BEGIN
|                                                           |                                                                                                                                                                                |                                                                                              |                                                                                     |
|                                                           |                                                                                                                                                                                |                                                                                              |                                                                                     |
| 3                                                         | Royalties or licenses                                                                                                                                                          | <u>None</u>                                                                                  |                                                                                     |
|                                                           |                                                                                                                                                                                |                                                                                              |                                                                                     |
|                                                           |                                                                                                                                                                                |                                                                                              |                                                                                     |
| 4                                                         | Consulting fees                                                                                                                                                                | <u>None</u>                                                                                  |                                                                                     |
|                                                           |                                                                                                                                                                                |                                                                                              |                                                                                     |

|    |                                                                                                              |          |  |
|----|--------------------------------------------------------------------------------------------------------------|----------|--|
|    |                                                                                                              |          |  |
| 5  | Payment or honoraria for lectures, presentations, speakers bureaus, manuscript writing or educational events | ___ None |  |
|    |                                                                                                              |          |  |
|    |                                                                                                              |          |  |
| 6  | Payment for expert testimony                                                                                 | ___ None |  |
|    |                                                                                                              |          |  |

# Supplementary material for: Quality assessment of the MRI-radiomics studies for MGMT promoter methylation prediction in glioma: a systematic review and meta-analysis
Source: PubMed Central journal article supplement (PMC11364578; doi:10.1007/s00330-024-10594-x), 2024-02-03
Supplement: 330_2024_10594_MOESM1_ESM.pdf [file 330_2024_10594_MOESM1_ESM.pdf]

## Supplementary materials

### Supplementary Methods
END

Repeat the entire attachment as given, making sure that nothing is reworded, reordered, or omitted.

|                                                           |                                                                                                                                                                                |                                                                                              |                                                                                     |
|                                                           |                                                                                                                                                                                |                                                                                              |                                                                                     |
| 3                                                         | Royalties or licenses                                                                                                                                                          | <u>None</u>                                                                                  |                                                                                     |
|                                                           |                                                                                                                                                                                |                                                                                              |                                                                                     |
|                                                           |                                                                                                                                                                                |                                                                                              |                                                                                     |
| 4                                                         | Consulting fees                                                                                                                                                                | <u>None</u>                                                                                  |                                                                                     |
|                                                           |                                                                                                                                                                                |                                                                                              |                                                                                     |

|    |                                                                                                              |          |  |
|----|--------------------------------------------------------------------------------------------------------------|----------|--|
|    |                                                                                                              |          |  |
| 5  | Payment or honoraria for lectures, presentations, speakers bureaus, manuscript writing or educational events | ___ None |  |
|    |                                                                                                              |          |  |
|    |                                                                                                              |          |  |
| 6  | Payment for expert testimony                                                                                 | ___ None |  |
|    |                                                                                                              |          |  |

# Supplementary material for: Quality assessment of the MRI-radiomics studies for MGMT promoter methylation prediction in glioma: a systematic review and meta-analysis
Source: PubMed Central journal article supplement (PMC11364578; doi:10.1007/s00330-024-10594-x), 2024-02-03
Supplement: 330_2024_10594_MOESM1_ESM.pdf [file 330_2024_10594_MOESM1_ESM.pdf]

## Supplementary materials

### Supplementary Methods